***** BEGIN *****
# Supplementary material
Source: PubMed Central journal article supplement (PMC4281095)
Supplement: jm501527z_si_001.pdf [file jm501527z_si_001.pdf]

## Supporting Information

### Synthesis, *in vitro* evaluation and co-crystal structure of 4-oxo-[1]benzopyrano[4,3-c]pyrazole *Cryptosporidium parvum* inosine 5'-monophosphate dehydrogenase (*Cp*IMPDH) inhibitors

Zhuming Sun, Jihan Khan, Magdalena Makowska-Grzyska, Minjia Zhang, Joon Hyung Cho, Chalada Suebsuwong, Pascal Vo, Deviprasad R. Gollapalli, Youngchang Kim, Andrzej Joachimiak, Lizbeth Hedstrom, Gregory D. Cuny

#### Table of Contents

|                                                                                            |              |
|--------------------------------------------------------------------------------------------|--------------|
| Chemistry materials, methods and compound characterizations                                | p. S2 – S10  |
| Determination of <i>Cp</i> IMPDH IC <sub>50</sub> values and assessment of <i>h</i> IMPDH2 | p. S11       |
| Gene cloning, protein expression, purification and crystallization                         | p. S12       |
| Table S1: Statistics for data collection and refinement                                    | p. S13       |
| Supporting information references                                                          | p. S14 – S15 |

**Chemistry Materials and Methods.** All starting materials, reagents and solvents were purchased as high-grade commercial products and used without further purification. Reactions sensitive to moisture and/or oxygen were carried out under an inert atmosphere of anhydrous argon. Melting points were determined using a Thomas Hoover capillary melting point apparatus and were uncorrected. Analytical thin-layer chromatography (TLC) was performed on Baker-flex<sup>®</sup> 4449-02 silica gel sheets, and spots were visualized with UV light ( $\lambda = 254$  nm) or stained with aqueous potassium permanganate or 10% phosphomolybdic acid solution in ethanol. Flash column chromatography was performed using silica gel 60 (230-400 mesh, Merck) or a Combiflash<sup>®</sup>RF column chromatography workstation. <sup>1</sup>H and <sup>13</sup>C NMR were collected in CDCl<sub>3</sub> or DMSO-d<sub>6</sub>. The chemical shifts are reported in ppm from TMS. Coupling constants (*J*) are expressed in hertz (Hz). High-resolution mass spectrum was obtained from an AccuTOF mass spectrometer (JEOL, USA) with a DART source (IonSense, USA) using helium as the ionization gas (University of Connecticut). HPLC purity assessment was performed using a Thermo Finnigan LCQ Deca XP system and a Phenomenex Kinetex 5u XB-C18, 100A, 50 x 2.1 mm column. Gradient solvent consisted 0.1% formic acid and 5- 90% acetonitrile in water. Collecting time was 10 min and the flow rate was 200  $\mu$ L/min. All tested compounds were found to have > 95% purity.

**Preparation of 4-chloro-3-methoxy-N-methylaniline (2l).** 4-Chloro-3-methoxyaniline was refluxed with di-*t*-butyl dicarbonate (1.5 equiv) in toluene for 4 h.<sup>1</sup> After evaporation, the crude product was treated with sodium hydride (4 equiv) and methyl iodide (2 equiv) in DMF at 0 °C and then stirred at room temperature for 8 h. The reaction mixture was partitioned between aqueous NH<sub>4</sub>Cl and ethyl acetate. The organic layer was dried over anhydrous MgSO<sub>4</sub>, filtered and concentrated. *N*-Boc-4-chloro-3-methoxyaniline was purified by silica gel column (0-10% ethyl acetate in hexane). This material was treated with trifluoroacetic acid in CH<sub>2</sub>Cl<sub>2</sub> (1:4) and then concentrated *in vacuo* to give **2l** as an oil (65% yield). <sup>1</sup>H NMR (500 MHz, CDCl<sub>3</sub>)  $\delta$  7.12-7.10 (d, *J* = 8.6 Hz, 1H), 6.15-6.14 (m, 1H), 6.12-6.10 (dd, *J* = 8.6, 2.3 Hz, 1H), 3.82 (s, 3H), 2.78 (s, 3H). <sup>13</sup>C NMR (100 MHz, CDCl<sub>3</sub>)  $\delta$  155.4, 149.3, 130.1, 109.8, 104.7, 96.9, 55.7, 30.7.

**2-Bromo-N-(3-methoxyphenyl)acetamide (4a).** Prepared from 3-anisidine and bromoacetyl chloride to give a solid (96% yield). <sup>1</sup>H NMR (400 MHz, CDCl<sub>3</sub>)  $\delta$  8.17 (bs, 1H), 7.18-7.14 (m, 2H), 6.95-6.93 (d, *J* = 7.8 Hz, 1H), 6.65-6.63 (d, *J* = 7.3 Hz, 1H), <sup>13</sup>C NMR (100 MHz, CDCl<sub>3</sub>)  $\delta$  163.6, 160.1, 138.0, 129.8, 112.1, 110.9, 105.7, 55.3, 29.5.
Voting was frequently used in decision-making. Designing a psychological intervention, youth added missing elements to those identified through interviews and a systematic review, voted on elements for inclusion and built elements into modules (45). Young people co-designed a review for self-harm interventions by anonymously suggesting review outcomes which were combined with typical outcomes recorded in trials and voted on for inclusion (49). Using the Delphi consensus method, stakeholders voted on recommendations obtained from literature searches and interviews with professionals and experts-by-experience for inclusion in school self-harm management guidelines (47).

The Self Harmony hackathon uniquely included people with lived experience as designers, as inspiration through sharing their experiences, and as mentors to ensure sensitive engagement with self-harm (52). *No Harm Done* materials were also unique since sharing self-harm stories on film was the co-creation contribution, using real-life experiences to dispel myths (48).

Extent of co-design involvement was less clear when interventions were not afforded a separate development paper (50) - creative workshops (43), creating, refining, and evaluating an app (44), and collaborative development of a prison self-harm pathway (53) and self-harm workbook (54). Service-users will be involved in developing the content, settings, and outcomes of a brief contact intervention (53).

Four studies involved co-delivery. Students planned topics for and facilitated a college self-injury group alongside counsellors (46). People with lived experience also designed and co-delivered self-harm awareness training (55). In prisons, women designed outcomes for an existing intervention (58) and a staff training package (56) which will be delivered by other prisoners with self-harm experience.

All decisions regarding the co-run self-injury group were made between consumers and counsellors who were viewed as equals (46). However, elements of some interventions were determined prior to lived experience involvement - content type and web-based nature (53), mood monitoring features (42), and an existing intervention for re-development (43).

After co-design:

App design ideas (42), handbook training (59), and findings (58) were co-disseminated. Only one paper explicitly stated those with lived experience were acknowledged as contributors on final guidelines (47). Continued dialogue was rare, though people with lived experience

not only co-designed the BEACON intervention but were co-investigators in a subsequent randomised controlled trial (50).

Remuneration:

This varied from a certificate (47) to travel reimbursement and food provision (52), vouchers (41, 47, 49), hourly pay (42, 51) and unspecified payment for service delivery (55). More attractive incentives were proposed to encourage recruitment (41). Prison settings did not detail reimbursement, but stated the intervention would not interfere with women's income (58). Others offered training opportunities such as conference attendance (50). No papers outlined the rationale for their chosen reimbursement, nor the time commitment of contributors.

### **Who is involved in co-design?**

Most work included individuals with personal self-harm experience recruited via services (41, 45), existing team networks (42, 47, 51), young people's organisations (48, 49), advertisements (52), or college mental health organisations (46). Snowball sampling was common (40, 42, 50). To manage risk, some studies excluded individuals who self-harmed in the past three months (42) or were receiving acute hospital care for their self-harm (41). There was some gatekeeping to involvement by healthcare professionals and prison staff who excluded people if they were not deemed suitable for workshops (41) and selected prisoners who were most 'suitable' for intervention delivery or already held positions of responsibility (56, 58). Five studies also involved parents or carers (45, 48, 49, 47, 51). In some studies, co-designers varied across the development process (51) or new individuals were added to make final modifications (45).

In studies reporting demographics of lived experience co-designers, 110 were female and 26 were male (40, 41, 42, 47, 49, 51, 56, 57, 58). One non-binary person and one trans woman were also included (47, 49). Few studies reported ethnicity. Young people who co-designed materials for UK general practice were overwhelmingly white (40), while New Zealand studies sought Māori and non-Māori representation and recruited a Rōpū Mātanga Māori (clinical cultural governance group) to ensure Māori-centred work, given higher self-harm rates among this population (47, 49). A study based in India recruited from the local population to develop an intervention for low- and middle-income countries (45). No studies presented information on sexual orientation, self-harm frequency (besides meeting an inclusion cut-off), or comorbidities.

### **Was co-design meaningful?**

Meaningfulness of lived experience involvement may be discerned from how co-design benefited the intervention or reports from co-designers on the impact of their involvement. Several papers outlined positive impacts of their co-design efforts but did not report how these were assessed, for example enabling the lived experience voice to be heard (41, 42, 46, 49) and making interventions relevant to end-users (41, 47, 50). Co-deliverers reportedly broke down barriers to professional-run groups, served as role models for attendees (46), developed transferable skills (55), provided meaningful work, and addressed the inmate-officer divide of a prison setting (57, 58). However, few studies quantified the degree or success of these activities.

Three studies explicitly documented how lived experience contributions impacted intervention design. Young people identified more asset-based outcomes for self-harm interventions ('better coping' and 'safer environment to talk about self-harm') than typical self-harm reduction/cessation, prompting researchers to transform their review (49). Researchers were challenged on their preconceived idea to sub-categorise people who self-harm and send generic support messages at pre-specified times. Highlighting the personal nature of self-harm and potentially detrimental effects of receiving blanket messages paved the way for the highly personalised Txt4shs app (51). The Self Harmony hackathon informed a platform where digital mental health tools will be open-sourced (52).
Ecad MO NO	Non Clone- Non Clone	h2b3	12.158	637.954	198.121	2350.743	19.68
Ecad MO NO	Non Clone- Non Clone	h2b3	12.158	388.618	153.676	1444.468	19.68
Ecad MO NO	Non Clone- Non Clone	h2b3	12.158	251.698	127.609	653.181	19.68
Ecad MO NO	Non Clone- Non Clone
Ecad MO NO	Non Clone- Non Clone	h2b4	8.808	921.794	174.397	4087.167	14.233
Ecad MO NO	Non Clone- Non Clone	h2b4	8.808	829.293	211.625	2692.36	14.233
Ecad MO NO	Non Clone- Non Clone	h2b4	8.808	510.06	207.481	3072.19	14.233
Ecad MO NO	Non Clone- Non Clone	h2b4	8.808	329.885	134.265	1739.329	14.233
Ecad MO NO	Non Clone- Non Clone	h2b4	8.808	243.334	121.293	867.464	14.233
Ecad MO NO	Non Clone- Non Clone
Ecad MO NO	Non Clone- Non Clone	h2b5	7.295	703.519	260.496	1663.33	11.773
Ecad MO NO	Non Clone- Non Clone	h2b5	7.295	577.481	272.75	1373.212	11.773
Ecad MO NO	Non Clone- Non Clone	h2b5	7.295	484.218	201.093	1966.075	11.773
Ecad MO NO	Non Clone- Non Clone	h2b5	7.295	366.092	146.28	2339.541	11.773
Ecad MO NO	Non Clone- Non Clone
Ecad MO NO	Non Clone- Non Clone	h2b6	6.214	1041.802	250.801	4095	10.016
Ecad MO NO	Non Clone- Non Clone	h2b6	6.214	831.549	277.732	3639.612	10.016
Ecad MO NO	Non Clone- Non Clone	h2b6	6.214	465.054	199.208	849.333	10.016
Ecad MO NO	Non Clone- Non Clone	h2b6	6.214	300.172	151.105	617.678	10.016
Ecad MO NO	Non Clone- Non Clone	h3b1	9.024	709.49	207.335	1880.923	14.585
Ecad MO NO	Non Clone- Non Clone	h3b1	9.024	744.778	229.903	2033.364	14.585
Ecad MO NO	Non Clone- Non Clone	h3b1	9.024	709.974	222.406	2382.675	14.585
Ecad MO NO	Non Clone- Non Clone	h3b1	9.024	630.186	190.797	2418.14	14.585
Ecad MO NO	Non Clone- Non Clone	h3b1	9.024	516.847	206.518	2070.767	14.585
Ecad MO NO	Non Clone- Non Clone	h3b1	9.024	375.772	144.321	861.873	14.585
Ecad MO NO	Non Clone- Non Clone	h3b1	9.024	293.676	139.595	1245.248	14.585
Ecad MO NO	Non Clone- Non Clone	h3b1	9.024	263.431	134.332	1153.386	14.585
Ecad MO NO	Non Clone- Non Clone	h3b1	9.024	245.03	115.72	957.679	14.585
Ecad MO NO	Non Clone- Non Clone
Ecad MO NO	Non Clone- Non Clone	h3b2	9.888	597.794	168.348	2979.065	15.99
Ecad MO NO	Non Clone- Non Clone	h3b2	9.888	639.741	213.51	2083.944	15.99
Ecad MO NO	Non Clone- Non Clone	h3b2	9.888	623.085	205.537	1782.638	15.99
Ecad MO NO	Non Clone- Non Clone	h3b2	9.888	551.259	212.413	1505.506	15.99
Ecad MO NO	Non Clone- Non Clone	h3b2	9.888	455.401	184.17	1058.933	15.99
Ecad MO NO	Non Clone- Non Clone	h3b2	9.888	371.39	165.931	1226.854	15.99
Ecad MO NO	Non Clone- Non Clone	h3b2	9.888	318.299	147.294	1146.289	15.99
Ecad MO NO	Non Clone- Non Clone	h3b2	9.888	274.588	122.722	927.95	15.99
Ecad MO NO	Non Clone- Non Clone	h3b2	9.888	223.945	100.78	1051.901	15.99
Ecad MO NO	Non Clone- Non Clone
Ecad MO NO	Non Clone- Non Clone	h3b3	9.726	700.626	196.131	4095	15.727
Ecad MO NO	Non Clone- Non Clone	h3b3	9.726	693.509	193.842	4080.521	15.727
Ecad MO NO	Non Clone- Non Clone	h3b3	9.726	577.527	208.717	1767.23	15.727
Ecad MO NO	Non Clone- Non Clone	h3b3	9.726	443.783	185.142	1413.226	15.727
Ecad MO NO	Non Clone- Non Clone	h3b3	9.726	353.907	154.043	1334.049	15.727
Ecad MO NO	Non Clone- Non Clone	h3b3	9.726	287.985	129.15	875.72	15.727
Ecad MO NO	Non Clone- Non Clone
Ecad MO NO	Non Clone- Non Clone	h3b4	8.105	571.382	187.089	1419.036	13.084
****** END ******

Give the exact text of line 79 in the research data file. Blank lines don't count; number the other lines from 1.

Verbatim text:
Ecad MO NO	Non Clone- Non Clone